Last January, when UCLA released its annual nationwide survey of incoming college freshmen, the media bemoaned the students’ declining interest in activism. But in our fifth annual survey of the same, we found several hopeful examples that prove activism and community service are alive and well on campus.
1 Duke University, Durham, N.C. (1); (6,200); $23,000; 45% On March 8, Duke announced a new policy guaranteeing that the school would no longer license its logo to manufacturers who operate sweatshops. The policy, proposed by the Duke chapter of Students Against Sweatshops, ensures that licensees set a minimum working age for their employees, recognize their workers’ right to organize, and agree to yearly unannounced factory visits by a Duke-sponsored inspector.
2 Spelman College, Atlanta, Ga. (1); (1,900); $10,500; 85% Spelman’s long-standing tradition of activism includes a student mentoring program that pairs first-graders from an Atlanta housing project with Spelman freshmen. Students remain mentors until graduation.
3 University of Texas, Austin (1); (37,000); $7,000; 45% Last fall, when law professor Lino Graglia told reporters that black and Mexican American students couldn’t compete academically with whites at “selective institutions,” almost 5,000 students attended a protest rally led by the Rev. Jesse Jackson, and hundreds of students occupied the law school demanding disciplinary action. Graglia issued a conciliatory statement, and the law school’s dean said he would “consider sympathetically” any request by a UT law student to opt out of Graglia’s required constitutional law class.
4 University of Wisconsin, Madison (5); (25,621); $5,500; 40% When GOP Gov. Tommy Thompson appointed a new member to the university’s board of regents who had contributed $10,000 (the maximum allowed) to his campaign, students decided to call for campaign finance reform by “buying” a seat for their own candidate. They collected a quarter from each UW student, raising more than $1,000—not enough to buy a regent, but enough to fund an effort calling for elected regents.
5 Roxbury Community College, Boston, Mass. (1); (2,800); $1,900; 70% Last May, a number of students calling themselves the May 6th Movement at this inner-city college presented Roxbury president Grace Brown with a list of 18 demands, including such basic supplies as copy paper and library books. Unconvinced by her assurances that RCC would address the problems, eight members of the group then took over an administrative office for 30 hours. The college resolved the protest peacefully and agreed to meet 15 of the demands, including the students’ request to improve financial aid.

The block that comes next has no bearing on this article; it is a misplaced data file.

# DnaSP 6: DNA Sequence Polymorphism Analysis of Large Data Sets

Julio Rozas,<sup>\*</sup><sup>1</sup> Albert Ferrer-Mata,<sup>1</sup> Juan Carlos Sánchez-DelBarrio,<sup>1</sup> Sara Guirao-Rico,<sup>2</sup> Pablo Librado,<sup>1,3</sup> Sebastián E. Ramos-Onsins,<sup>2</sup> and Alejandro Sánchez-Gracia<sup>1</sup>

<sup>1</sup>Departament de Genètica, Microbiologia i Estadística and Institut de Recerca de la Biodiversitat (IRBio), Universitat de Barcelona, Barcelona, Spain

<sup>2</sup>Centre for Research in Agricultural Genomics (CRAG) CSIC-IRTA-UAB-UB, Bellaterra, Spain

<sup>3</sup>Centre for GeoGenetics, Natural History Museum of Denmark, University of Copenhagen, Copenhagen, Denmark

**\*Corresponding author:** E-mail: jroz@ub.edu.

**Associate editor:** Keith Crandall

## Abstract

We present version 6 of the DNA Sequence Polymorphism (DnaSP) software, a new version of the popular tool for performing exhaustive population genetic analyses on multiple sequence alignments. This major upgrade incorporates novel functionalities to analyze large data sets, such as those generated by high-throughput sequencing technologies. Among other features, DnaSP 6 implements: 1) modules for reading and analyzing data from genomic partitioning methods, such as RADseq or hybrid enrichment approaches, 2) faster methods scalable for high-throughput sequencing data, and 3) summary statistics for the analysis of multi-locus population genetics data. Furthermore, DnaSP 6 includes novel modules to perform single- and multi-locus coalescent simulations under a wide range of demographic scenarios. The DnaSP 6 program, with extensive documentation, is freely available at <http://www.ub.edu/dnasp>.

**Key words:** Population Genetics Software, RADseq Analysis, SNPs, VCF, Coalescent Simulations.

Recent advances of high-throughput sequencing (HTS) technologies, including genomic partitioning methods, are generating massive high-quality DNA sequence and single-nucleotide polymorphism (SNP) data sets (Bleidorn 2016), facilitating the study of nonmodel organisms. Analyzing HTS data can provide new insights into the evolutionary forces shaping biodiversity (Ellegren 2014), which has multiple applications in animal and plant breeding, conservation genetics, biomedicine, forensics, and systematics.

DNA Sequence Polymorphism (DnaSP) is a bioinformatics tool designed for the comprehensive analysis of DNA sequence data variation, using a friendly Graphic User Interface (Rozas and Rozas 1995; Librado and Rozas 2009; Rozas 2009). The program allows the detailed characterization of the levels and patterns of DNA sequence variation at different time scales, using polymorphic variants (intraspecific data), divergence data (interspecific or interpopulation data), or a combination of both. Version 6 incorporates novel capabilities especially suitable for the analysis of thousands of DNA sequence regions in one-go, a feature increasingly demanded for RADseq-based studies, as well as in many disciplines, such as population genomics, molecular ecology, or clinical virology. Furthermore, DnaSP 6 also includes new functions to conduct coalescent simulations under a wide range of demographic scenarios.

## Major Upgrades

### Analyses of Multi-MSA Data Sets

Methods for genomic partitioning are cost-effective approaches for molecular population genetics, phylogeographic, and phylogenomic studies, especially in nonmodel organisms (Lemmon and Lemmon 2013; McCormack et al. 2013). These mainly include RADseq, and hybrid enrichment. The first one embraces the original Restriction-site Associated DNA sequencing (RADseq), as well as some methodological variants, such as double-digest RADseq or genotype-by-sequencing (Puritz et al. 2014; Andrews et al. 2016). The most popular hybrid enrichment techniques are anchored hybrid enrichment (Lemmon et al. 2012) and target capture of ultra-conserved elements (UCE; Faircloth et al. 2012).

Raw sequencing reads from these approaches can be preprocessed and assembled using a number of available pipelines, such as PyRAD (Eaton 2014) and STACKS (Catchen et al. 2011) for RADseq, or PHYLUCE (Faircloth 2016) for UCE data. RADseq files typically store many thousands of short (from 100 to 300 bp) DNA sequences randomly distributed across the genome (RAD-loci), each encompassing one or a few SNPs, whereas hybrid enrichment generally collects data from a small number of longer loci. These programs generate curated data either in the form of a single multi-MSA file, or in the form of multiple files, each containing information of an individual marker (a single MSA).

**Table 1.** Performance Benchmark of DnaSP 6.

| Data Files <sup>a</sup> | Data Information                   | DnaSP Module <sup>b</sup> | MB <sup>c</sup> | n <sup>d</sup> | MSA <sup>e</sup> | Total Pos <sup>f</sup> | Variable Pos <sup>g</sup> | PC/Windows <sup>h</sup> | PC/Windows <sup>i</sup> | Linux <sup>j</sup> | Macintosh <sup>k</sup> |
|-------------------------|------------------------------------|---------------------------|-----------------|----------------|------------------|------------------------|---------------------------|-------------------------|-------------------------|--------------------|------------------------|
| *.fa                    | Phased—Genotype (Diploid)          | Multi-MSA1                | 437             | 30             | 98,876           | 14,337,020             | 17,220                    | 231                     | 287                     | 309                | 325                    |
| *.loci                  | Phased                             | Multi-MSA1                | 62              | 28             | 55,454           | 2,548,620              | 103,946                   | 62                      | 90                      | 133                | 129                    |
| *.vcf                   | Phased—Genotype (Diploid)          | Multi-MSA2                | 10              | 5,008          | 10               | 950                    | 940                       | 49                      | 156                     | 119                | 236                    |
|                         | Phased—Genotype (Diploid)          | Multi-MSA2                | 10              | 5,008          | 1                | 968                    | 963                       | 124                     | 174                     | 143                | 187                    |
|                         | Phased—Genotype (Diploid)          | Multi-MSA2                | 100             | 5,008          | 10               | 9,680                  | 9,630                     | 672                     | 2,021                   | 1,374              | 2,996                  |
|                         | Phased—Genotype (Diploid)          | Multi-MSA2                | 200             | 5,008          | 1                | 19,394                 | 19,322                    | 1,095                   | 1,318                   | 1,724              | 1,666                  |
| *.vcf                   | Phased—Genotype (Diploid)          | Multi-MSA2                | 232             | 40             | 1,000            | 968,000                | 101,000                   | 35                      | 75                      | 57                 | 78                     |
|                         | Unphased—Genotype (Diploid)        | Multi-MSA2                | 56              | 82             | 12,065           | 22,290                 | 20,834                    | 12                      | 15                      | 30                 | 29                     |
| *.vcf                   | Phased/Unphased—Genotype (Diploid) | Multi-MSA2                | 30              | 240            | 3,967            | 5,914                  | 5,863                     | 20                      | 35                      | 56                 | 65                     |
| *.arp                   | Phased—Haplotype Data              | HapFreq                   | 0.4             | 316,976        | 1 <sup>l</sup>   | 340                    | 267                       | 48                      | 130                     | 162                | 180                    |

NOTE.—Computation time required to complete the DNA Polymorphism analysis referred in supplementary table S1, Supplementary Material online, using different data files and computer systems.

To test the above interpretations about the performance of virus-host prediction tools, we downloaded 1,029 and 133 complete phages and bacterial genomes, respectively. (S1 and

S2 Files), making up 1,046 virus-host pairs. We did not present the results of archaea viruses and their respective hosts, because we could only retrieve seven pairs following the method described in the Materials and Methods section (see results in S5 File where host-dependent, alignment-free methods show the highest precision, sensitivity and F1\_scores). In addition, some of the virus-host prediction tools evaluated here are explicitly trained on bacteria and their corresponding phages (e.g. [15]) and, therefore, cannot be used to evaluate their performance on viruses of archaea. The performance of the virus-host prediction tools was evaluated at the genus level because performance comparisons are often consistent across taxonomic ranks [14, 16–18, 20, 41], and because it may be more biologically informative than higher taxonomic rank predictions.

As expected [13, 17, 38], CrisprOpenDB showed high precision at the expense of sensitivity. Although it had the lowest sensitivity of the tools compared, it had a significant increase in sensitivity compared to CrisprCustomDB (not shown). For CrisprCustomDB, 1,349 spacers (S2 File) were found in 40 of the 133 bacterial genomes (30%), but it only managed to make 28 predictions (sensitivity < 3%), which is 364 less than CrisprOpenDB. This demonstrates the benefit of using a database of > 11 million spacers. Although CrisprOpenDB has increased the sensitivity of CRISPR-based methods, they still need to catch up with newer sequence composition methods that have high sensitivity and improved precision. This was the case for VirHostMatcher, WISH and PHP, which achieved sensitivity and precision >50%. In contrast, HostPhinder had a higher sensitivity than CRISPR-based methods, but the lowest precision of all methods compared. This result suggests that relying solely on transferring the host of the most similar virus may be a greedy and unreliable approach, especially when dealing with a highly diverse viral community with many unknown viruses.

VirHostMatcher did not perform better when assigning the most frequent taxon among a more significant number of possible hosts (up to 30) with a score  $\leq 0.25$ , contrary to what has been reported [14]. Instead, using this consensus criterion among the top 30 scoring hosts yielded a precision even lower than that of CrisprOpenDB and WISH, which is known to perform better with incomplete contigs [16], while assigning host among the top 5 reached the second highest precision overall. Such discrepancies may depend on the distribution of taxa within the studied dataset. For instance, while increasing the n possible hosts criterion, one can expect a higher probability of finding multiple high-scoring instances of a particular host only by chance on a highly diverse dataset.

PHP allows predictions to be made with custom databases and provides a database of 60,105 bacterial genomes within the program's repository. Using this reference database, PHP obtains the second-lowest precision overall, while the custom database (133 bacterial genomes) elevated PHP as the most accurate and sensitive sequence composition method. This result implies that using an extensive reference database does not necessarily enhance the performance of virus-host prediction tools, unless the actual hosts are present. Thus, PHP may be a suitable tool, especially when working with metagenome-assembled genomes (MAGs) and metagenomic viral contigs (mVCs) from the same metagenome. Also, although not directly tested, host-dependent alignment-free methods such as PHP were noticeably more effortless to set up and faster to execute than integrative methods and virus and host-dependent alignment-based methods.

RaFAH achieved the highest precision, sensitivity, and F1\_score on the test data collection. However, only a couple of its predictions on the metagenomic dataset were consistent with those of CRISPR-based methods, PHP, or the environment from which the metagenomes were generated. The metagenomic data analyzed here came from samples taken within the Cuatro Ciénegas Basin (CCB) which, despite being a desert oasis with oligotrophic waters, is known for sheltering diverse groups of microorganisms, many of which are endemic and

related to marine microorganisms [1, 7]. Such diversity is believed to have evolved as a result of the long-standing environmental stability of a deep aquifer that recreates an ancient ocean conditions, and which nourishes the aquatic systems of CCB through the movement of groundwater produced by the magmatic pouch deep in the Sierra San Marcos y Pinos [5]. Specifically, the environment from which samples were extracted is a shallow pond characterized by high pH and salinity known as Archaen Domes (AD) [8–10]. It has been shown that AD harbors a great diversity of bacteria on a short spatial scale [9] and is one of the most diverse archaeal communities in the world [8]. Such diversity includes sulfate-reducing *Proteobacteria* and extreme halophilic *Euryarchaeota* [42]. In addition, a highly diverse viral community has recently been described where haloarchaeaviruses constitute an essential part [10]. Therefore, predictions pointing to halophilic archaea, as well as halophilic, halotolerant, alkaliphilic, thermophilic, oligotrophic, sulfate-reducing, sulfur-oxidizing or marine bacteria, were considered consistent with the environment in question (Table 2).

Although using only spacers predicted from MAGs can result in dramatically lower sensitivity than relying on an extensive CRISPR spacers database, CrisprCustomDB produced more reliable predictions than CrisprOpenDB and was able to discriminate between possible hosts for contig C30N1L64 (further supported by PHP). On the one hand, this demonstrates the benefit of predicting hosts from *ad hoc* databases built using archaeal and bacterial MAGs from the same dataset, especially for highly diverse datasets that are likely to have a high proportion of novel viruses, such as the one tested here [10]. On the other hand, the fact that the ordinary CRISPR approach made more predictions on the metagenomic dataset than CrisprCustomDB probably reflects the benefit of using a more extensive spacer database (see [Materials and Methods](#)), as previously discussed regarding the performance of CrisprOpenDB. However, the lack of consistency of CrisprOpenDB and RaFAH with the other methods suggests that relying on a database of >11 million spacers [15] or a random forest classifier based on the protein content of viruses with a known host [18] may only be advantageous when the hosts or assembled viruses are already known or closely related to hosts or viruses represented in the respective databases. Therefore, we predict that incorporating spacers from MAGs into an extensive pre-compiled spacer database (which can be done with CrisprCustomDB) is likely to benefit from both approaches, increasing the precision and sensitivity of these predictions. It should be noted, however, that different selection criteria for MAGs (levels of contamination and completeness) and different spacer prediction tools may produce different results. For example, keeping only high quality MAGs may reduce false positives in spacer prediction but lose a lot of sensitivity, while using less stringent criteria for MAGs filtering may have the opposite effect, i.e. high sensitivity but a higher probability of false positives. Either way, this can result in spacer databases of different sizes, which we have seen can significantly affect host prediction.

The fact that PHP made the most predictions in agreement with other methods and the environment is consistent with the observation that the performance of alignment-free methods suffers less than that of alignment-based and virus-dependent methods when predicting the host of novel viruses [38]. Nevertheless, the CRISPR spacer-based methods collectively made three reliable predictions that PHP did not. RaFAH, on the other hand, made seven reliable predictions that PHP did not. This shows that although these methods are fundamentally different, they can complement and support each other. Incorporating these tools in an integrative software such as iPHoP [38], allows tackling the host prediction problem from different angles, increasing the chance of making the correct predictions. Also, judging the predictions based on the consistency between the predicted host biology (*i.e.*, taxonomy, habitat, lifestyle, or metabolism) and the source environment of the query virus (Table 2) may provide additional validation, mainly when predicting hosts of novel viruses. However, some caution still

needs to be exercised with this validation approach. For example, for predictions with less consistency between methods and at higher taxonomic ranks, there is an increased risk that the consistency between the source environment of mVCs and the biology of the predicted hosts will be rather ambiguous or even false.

6 College of the Atlantic, Bar Harbor, Maine (1); (265); $18,000; 63% Last fall, students at this small college at the edge of Acadia National Park developed a proposal prohibiting the school from doing business with companies that trade with Burma. The school adopted the policy and subsequently rejected an attractive bid for new computers from Acer Computer because of its business ties with that country’s dictatorship.
7 James Madison University, Harrisonburg, Va. (1); (12,000); $9,000; 68% Starting last year, JMU students organized 15 “alternative breaks.” Instead of relaxing during Thanksgiving, winter, and spring breaks, students traveled to Appalachia to conduct a health survey, to New Orleans to work at an AIDS hospice, and even to Uganda to build houses.
8 University of North Carolina, Chapel Hill (5); (15,000); $11,200; 40% UNC’s Nike Awareness Campaign, started by junior Marion Traub-Werner in response to the university’s proposed $7 million deal with Nike, prompted UNC’s chancellor to establish a labor standards task force and helped bring Nike CEO Phil Knight to the campus to listen to student recommendations regarding the company’s overseas labor record.
9 Marquette University, Milwaukee, Wis. (3); (7,500); $15,400; 90% More than 2,400 students—a third of the campus—participated in the school’s “Hunger Cleanup” last year. Sponsored by their friends and relatives, the volunteers did everything from repainting homeless shelters to taking senior citizens to the zoo. The event raised approximately $16,000, which a student committee distributed to five Greater Milwaukee social service agencies.
10 Little Big Horn College, Crow Agency, Mont. (1); (200); $1,700; 98% Students at this two-year tribal college, started in 1980, design their own volunteer projects for the community around them—the Crow reservation they grew up on and still live on. In 1997, education majors began tutoring Crow children at a nearby elementary school to reduce school failure rates. In another case, several bilingual business majors took a class to become certified tax preparers and filed returns for tribe members who do not speak English.
Key: (years on our list); (total full-time undergraduate enrollment); in-state tuition and fees; percentage of students who receive financial aid
The following organizations participated in the poll: American Civil Liberties Union; Amnesty International; Anti-Defamation League; Campus Ecology (National Wildlife Federation); Campus Outreach Opportunity League; Center for Campus Organizing; Center for Global Education; Habitat for Humanity International; National Abortion Rights Action League; National Gay and Lesbian Task Force; National Organization for Women; National Student Campaign Against Hunger and Homelessness; Oxfam America; Peace Corps; People for the Ethical Treatment of Animals; Planned Parenthood; Sierra Student Coalition; Student Coalition for Action in Literacy Education; Student Environmental Action Coalition; United States Student Association; Zero Population Growth.